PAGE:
HPD had over 100 squad cars cited for running red lights without sirens during the first year of installing red light cameras in various locations throughout Houston. Many of the citations handed out have been appealed and dismissed for police officers. The question not asked: how many police officers have run red lights with lights and sirens on just to turn them off and slow down after passing through intersections? We’ve all seen it done, just like we’ve all seen police cars speed, tailgate, harass homeless people with their speaker systems, and other tactics of “traffic control”. Is this what HPD is now calling “community policing”? We hope not.
Red-light cameras also snaring police
More than 520 tickets have been issued to public agencies since operation began
Copyright 2007 Houston Chronicle
Houston police commanders say the city’s red-light camera enforcement program should increase safety at intersections by prompting “behavior modifications” in motorists.
Not all of their own employees are getting the message, however.
More than 100 Houston police vehicles moving through intersections without emergency lights were cited in the first year of the cameras’ operation, according to ticket data.
“We’re just like regular citizens. We’re only human,” said Martha Montalvo, an executive assistant chief with the Houston Police Department who oversees the program.
“We’re hoping for some behavior modifications from all angles, not only from our citizens but also from our city employees.”
The officers’ citations were among more than 520 tickets issued to local public schools, governments and the area’s transit agency since the cameras went online last fall. The tickets resulted in nearly $40,000 in fines, according to electronic records released under the Texas Public Information Act.
The public vehicle citations represent a tiny fraction of the more than 100,000 issued to all motorists during this period. But officials from the various agencies say they take them seriously, requiring employees to pay the fines and, in some cases, undergo extra training to avoid repeat offenses. At least one school district, Aldine, has fired bus drivers for running red lights.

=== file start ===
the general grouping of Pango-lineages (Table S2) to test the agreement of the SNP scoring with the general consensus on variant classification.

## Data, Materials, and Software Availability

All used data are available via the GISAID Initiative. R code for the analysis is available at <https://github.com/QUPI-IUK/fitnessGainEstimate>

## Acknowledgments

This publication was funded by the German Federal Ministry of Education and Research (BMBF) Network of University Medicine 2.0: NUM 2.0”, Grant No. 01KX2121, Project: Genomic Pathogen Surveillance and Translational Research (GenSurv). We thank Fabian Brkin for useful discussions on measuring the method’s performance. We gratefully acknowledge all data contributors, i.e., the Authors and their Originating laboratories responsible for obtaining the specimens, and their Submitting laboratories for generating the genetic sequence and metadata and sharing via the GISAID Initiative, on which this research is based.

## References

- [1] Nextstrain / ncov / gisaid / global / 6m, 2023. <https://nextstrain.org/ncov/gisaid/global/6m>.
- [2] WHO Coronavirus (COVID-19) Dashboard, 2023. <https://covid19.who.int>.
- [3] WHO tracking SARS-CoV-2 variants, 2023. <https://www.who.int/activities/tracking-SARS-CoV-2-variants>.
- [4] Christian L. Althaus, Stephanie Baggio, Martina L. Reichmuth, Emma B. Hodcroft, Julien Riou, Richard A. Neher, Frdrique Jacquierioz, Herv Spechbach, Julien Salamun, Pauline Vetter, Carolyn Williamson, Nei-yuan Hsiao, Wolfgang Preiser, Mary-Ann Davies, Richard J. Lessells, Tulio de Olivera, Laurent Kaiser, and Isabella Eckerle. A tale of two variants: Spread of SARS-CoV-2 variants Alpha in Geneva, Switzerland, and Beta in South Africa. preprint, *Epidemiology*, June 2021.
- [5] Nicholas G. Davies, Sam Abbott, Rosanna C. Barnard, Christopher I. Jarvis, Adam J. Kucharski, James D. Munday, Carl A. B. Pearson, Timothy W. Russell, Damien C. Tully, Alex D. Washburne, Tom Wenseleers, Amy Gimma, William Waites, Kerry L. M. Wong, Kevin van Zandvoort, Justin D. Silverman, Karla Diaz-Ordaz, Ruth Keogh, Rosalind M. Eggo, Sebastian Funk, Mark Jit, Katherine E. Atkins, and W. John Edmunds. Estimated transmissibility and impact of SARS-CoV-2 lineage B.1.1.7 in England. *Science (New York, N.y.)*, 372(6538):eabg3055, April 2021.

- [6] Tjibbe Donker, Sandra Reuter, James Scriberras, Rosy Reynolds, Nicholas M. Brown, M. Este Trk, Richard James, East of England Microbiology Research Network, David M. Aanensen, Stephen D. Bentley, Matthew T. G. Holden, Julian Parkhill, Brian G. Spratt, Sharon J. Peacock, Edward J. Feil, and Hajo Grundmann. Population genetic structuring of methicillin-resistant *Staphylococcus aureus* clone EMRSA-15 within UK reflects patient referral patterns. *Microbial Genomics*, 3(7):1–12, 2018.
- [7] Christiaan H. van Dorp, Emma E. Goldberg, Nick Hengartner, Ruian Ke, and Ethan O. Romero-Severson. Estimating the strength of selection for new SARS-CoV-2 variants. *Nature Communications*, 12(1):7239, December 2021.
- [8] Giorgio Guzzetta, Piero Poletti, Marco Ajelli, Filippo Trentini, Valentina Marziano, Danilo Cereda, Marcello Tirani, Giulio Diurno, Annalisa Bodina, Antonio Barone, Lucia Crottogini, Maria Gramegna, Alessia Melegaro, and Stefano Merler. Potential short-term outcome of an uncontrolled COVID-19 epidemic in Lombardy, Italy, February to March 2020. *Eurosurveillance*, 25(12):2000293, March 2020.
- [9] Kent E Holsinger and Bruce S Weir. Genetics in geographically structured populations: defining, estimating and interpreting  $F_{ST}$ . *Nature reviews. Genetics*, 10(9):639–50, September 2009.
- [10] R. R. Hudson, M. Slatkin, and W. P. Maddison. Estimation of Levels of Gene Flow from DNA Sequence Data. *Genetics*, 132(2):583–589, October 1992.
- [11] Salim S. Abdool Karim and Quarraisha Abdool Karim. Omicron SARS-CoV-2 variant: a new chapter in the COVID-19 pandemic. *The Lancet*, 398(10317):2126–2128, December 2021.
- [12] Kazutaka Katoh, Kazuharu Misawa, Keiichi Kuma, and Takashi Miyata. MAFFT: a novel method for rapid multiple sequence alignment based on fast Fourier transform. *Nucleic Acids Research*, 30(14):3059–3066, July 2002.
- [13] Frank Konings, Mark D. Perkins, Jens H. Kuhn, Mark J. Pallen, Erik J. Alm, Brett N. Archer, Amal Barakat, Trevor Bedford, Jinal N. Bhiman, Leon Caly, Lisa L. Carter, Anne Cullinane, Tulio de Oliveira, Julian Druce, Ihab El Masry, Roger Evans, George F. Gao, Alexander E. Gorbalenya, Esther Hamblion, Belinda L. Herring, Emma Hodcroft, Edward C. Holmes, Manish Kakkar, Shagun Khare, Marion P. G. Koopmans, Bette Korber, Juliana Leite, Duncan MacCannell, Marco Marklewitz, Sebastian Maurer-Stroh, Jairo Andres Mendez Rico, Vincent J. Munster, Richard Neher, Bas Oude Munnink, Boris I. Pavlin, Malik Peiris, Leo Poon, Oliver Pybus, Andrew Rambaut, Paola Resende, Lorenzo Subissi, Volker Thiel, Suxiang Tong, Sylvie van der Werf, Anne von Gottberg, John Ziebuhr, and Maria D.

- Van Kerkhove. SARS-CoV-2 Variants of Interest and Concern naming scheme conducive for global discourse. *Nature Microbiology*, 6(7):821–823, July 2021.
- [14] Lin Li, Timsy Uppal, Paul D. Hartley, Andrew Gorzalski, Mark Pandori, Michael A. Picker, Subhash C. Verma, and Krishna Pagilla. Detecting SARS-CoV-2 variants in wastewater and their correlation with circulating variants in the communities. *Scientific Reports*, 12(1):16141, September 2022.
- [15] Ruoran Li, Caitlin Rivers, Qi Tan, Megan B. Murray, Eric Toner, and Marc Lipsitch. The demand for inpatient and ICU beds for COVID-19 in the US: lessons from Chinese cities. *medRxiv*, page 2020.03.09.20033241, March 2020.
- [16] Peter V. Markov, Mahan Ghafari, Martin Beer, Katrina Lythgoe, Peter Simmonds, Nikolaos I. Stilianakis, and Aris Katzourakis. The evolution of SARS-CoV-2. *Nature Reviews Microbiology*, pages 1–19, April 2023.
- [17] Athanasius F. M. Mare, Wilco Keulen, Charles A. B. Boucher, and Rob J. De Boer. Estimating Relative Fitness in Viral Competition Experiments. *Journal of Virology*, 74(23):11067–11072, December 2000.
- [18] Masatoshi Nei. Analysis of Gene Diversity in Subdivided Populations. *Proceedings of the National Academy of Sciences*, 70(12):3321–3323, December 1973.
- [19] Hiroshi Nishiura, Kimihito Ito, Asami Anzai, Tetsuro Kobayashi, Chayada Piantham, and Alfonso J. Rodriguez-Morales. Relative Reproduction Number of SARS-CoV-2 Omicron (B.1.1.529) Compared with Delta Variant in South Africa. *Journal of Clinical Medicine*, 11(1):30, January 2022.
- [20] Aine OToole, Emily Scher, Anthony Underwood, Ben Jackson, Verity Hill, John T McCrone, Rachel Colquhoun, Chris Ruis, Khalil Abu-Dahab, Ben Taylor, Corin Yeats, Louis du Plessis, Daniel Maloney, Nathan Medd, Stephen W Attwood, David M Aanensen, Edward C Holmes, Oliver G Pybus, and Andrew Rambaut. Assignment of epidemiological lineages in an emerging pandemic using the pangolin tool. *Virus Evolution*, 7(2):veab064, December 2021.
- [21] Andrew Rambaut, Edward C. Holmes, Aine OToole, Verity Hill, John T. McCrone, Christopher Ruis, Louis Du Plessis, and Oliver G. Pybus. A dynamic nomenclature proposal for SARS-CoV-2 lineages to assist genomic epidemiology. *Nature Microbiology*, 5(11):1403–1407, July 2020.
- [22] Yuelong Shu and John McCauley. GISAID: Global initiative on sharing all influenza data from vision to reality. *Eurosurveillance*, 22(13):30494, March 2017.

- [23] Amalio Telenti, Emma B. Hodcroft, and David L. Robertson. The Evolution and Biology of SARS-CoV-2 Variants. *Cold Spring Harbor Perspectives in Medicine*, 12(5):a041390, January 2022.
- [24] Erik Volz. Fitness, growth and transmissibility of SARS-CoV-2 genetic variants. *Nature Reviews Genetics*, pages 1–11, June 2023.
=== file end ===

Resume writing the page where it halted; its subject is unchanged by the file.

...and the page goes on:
The Metropolitan Transit Authority, whose drivers were cited at least 129 times with fines totaling nearly $10,000, said it suspends bus operators for violations. A third citation also results in termination, Metro spokeswoman Raequel Roberts said.
“We definitely take this very, very seriously,” she said. “We take steps that we need to take to drive that point home.”
The Houston Independent School District has a similar camera policy for its bus drivers, who were cited at least 14 times. Aaron Hobbs, the district’s interim general manager for transportation, said drivers are given verbal and written reminders to be careful.
“It’s definitely a concern,” Hobbs said. “We’re carrying a precious cargo.”
Drivers put on probation
Those who make mistakes, he said, must sit with a supervisor to review a video of the incident. They also are placed on 60 days of probation during which they receive training, and are taught to avoid situations in which they are forced to drive through a red light or decelerate quickly at the last second.They can be fired if they receive another citation during this period, a situation that has not occurred, Hobbs said.
“We would really be looking hard at whether you would continue employment with us,” he said.
Aldine ISD, which received 17 citations, 15 for buses, has a zero-tolerance policy it began with the new school year. Two bus drivers have been fired for citations, district spokeswoman Leticia Fehling said in a written statement.
“Safely transporting students to and from school is one of our highest priorities. We have improved our training of drivers to help prevent accidents and to place more emphasis on adherence to traffic laws,” the statement said.
The cameras also nabbed drivers using the cars and trucks from the city of Houston’s massive fleet of civilian vehicles and fire trucks.
Other agencies that received citations included the Harris County Sheriff’s Office, the Texas Department of Public Safety, the Port of Houston Authority and several other school districts.
The data show the number of citations has increased in the last six months at a rate that corresponds with the city’s gradual expansion of the camera system.
From September 2006 through February, when there were 30 cameras in place, 189 public vehicles were cited. From March through August, when there were 50 cameras, at least 336 citations were issued, a 78 percent increase.
Some tickets dismissed
Montalvo and other Houston police officials say the growing number of cameras, in part, accounts for the increase in citations issued to officers during the second half of the year.She also noted that some of the violations later were dismissed because officers were, in fact, responding to authorized calls. Sometimes officers run “silent,” without lights or sirens, so they don’t telegraph their approach to suspects.
Still, she said, numerous officers have been forced to pay. Some have appealed their cases, with mixed success, to hearing examiners at Municipal Court, a right afforded to all motorists.
Asked whether the increase in public vehicles’ citations contradicted the goal of “behavior modifications,” Montalvo said the department plans a more aggressive campaign to raise awareness of the cameras to the general public — and to officers.
“We can do a better job,” she said.